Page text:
Too Early to Declare Real Estate Revival

Heiko Davids
Knight Frank Russia and CIS

In 2009, we witnessed a sudden and severe correction of the real estate markets in Russia. After a decade of consecutive growth and skyrocketing rental rates and purchase prices at the peak of the market in early 2008, the real estate bubble burst as the economic crisis arrived in Russia. In the aftermath, rental rates and purchase prices dropped on average by nearly 50 percent until the fourth quarter of 2009 while demand plunged and vacancy rates increased to 1998 post-crises levels.

A number of economists and real estate experts even predicted a further decline toward the end of 2009.

Thankfully the decline did not continue for as long as that. The Russian economy recovered quicker than predicted because of higher than forecasted average commodity prices throughout the year. The forecast wave of distressed property sales did not happen either, mainly since banks were trying to restructure their nonperforming loan portfolios rather than terminating loans and liquidating the properties that they had taken as collaterals.

On the contrary, since the fourth quarter of 2009 there was increased demand from occupiers and buyers/investors, who had been taking advantage of the rent/price corrections, and so rental rates and purchase prices bottomed out in the autumn of last year. Increased competition between occupiers and buyers had already resulted in rent/price increases for quality properties. So it may seem that the worst is over and that business is returning to normal in 2010. However, this is not definite.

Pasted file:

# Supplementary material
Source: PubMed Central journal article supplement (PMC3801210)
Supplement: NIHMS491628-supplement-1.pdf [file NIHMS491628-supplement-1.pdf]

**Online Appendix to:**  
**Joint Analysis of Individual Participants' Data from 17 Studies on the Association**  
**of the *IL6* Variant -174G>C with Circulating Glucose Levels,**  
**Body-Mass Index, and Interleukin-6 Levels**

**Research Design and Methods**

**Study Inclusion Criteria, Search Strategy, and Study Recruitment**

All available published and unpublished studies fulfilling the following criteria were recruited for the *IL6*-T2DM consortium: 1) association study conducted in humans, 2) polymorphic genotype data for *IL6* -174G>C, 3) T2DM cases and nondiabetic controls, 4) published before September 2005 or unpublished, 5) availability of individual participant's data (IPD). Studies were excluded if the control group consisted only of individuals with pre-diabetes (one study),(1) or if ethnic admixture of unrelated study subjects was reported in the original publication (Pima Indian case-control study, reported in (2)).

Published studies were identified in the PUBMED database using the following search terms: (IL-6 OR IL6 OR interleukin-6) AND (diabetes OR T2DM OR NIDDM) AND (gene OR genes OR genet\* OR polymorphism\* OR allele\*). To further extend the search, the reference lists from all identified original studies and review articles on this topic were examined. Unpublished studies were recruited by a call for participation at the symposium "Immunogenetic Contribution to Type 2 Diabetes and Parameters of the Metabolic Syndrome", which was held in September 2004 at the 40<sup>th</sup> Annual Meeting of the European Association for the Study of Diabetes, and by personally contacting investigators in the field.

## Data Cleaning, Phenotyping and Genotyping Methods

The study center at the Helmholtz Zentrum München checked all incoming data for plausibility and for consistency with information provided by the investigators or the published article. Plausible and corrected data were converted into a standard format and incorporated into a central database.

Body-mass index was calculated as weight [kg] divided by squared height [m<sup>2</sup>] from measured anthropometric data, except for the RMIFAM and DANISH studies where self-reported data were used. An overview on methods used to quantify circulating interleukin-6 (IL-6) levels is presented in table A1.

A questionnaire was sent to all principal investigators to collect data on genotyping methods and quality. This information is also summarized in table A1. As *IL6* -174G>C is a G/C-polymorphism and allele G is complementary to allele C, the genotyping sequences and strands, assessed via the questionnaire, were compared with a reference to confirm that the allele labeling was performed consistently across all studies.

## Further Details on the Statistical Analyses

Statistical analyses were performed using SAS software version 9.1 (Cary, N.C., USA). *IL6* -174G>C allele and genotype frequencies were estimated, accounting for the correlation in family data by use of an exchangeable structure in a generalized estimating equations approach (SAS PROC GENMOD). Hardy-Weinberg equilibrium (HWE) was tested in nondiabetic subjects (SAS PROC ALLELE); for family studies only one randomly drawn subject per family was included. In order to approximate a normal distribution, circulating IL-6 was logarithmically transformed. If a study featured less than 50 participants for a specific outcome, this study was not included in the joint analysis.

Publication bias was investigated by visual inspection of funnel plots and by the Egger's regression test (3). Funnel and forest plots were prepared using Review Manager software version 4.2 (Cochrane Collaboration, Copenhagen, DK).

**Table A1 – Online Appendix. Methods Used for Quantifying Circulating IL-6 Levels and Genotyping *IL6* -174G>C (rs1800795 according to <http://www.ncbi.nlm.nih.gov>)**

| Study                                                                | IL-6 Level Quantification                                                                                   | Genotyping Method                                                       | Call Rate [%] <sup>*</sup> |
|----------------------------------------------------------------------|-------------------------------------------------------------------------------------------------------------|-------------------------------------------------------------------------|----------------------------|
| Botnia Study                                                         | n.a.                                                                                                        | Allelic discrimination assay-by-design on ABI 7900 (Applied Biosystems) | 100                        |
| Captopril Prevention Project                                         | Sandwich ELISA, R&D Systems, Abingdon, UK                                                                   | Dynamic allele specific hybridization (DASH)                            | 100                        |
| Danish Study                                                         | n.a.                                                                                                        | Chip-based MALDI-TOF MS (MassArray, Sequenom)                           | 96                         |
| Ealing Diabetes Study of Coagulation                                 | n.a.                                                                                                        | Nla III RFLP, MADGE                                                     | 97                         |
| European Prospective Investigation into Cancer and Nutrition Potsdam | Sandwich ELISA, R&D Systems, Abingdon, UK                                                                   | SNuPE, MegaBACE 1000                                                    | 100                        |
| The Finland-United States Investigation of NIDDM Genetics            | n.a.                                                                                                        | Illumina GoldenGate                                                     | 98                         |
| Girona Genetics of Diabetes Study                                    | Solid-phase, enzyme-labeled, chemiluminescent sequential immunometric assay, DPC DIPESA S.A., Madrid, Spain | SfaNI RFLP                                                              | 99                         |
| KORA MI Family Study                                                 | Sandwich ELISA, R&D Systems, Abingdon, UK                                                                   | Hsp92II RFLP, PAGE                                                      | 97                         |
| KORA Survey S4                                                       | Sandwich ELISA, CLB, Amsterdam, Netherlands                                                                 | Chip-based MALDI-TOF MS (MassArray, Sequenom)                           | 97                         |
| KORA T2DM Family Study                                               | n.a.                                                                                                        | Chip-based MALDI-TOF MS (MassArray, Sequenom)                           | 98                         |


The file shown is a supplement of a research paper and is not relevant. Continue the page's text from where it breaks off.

The Russian economy and the property markets are still vulnerable and highly dependent on fluctuations in commodity prices. There are a number of indications that the recovery of the world economy might slow down in 2010 with potential default scenarios of various countries such as Greece, Ukraine, Argentina, the Baltic states and others.

In particular China, which had been the world’s generator of economic growth in 2009 and the driving force behind the recovery of commodity prices, might face severe troubles if the U.S. $600 billion government infrastructure program — which accounted for most of China’s growth last year — does not result in self-sustainable growth of its economy this year.

This growth is not guaranteed since China’s domestic consumption only accounts for about 30 percent of its overall gross domestic product and its exports, which in the past have been the main driver of China’s economic growth, are still likely to be weak this year. If China fails to keep last year’s growth rates, commodity prices will come under pressure again and negatively impact Russia’s real estate markets as well. It is therefore too early to proclaim a revival of real estate markets in Russia — 2010 is going to be a difficult year that might provide unwanted surprises.